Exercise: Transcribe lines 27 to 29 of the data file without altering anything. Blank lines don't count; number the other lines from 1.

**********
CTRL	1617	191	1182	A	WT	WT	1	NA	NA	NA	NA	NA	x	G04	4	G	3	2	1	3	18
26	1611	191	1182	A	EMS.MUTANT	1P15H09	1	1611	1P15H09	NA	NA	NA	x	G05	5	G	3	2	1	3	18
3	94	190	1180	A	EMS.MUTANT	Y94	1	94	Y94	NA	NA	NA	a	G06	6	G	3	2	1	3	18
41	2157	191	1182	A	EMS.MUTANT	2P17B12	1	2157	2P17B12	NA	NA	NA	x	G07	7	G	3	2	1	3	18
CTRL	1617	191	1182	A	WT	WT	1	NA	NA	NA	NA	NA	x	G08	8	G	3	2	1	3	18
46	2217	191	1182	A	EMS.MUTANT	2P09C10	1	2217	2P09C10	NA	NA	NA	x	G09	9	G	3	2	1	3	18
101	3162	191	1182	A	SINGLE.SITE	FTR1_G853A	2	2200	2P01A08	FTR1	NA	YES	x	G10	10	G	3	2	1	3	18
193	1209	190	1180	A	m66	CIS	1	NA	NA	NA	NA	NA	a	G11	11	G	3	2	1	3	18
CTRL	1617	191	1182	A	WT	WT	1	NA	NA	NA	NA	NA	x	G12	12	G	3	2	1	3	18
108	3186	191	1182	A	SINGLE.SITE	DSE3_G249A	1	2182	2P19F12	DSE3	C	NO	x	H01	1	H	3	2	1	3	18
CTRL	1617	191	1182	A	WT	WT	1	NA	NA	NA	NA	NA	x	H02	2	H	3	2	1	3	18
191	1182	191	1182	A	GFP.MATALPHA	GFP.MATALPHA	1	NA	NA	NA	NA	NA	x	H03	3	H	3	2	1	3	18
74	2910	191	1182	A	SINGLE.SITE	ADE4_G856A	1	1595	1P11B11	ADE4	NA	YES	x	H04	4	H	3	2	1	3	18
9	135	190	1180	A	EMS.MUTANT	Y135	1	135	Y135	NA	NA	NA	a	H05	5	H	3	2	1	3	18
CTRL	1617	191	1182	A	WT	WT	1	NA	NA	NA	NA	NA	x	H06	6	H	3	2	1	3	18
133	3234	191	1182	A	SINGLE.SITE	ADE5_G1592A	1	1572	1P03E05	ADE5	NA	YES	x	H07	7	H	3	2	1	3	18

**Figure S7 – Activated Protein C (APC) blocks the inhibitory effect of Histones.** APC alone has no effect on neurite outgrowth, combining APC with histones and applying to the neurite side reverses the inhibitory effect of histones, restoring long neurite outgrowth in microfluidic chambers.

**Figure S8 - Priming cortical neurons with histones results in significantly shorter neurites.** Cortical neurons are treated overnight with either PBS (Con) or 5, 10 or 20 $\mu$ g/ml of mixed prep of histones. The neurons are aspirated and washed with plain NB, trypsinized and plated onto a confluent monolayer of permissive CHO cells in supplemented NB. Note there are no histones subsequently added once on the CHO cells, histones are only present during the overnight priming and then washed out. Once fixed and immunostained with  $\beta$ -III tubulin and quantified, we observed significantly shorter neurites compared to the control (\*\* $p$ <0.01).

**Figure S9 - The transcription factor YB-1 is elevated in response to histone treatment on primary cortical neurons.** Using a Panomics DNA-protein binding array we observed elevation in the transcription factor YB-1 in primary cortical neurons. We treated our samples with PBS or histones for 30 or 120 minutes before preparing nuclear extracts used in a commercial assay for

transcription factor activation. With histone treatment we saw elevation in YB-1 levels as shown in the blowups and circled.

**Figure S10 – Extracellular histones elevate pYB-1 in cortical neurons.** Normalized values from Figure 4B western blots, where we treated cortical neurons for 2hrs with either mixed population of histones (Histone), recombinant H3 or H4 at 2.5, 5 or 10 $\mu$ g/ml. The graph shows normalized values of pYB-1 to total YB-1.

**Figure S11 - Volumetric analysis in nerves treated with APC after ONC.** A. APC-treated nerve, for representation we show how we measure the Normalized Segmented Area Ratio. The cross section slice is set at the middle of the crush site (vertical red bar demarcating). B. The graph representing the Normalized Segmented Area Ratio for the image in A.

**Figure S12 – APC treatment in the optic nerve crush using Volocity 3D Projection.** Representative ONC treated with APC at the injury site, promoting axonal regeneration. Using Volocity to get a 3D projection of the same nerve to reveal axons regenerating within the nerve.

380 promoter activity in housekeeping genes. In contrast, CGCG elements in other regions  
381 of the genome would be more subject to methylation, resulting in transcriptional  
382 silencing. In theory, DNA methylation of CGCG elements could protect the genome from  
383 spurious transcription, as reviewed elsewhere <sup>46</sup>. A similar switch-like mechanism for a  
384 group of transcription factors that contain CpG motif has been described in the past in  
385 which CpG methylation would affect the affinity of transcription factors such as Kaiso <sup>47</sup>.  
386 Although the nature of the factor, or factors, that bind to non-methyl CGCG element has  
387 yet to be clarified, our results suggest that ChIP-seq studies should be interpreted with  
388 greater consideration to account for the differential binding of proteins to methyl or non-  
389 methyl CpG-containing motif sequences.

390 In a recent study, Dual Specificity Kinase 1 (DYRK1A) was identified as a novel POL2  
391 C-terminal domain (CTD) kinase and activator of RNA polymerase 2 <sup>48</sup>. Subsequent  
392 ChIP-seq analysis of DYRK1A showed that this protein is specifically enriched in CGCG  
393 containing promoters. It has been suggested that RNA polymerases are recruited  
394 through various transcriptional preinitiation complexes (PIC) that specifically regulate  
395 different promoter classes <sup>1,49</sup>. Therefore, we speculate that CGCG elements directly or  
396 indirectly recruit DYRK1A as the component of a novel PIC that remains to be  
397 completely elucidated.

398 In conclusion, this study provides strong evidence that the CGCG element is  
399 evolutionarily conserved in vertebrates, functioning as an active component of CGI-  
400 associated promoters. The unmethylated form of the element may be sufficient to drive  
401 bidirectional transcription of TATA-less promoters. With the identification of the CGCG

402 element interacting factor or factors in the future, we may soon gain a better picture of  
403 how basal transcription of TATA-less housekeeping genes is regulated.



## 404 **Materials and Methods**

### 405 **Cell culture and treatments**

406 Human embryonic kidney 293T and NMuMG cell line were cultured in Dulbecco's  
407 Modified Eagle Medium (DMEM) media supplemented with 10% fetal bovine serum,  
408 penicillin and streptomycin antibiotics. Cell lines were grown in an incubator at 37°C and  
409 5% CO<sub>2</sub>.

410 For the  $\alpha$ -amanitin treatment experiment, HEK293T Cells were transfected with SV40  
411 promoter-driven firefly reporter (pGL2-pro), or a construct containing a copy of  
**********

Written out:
383 spurious transcription, as reviewed elsewhere <sup>46</sup>. A similar switch-like mechanism for a  
384 group of transcription factors that contain CpG motif has been described in the past in  
385 which CpG methylation would affect the affinity of transcription factors such as Kaiso <sup>47</sup>.  